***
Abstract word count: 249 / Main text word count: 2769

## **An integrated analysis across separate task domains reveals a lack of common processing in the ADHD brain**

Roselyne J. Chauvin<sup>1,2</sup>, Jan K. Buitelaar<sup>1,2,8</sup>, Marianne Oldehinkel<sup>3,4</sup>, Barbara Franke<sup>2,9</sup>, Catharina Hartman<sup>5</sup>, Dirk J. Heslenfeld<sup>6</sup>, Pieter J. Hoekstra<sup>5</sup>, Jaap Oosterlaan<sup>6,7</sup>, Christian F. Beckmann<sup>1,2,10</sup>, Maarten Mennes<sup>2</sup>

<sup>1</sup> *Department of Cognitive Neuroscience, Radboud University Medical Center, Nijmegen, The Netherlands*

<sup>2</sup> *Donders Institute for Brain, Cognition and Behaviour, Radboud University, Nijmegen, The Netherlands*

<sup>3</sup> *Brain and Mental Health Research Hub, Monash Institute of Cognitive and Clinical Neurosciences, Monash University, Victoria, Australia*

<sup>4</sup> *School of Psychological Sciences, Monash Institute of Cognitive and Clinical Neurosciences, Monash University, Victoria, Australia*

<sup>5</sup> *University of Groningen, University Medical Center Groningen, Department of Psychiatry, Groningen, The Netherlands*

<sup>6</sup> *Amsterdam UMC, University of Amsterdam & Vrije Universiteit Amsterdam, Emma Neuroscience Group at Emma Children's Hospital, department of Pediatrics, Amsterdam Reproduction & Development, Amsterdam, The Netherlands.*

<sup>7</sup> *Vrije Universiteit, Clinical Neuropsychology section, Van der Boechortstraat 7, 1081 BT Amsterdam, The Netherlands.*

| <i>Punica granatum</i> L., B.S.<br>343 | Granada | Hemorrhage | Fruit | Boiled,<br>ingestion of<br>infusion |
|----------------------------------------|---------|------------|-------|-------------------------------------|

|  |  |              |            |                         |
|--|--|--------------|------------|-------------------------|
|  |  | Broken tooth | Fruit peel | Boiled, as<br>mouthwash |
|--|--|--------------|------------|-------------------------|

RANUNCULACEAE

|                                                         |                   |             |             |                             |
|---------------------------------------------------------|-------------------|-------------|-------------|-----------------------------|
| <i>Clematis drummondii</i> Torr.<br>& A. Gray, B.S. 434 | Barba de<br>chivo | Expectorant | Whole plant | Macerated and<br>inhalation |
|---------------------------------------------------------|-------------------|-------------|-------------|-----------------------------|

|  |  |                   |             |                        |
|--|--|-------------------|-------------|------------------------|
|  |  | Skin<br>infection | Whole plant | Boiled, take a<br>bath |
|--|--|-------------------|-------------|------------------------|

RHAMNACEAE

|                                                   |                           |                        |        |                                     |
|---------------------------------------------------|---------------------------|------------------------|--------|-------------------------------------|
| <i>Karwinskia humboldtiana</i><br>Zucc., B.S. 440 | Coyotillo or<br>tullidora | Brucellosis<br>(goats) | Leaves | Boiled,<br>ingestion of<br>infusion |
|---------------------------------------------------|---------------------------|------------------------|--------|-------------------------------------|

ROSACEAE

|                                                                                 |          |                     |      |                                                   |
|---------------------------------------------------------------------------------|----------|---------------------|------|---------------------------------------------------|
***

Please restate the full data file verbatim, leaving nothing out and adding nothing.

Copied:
Abstract word count: 249 / Main text word count: 2769

## **An integrated analysis across separate task domains reveals a lack of common processing in the ADHD brain**

Roselyne J. Chauvin<sup>1,2</sup>, Jan K. Buitelaar<sup>1,2,8</sup>, Marianne Oldehinkel<sup>3,4</sup>, Barbara Franke<sup>2,9</sup>, Catharina Hartman<sup>5</sup>, Dirk J. Heslenfeld<sup>6</sup>, Pieter J. Hoekstra<sup>5</sup>, Jaap Oosterlaan<sup>6,7</sup>, Christian F. Beckmann<sup>1,2,10</sup>, Maarten Mennes<sup>2</sup>

<sup>1</sup> *Department of Cognitive Neuroscience, Radboud University Medical Center, Nijmegen, The Netherlands*

<sup>2</sup> *Donders Institute for Brain, Cognition and Behaviour, Radboud University, Nijmegen, The Netherlands*

<sup>3</sup> *Brain and Mental Health Research Hub, Monash Institute of Cognitive and Clinical Neurosciences, Monash University, Victoria, Australia*

<sup>4</sup> *School of Psychological Sciences, Monash Institute of Cognitive and Clinical Neurosciences, Monash University, Victoria, Australia*

<sup>5</sup> *University of Groningen, University Medical Center Groningen, Department of Psychiatry, Groningen, The Netherlands*

<sup>6</sup> *Amsterdam UMC, University of Amsterdam & Vrije Universiteit Amsterdam, Emma Neuroscience Group at Emma Children's Hospital, department of Pediatrics, Amsterdam Reproduction & Development, Amsterdam, The Netherlands.*

<sup>7</sup> *Vrije Universiteit, Clinical Neuropsychology section, Van der Boechortstraat 7, 1081 BT Amsterdam, The Netherlands.*

| <i>Punica granatum</i> L., B.S.<br>343 | Granada | Hemorrhage | Fruit | Boiled,<br>ingestion of<br>infusion |
|----------------------------------------|---------|------------|-------|-------------------------------------|

|  |  |              |            |                         |
|--|--|--------------|------------|-------------------------|
|  |  | Broken tooth | Fruit peel | Boiled, as<br>mouthwash |
|--|--|--------------|------------|-------------------------|

RANUNCULACEAE

|                                                         |                   |             |             |                             |
|---------------------------------------------------------|-------------------|-------------|-------------|-----------------------------|
| <i>Clematis drummondii</i> Torr.<br>& A. Gray, B.S. 434 | Barba de<br>chivo | Expectorant | Whole plant | Macerated and<br>inhalation |
|---------------------------------------------------------|-------------------|-------------|-------------|-----------------------------|

|  |  |                   |             |                        |
|--|--|-------------------|-------------|------------------------|
|  |  | Skin<br>infection | Whole plant | Boiled, take a<br>bath |
|--|--|-------------------|-------------|------------------------|

RHAMNACEAE

|                                                   |                           |                        |        |                                     |
|---------------------------------------------------|---------------------------|------------------------|--------|-------------------------------------|
| <i>Karwinskia humboldtiana</i><br>Zucc., B.S. 440 | Coyotillo or<br>tullidora | Brucellosis<br>(goats) | Leaves | Boiled,<br>ingestion of<br>infusion |
|---------------------------------------------------|---------------------------|------------------------|--------|-------------------------------------|

ROSACEAE

|                                                                                 |          |                     |      |                                                   |
|---------------------------------------------------------------------------------|----------|---------------------|------|---------------------------------------------------|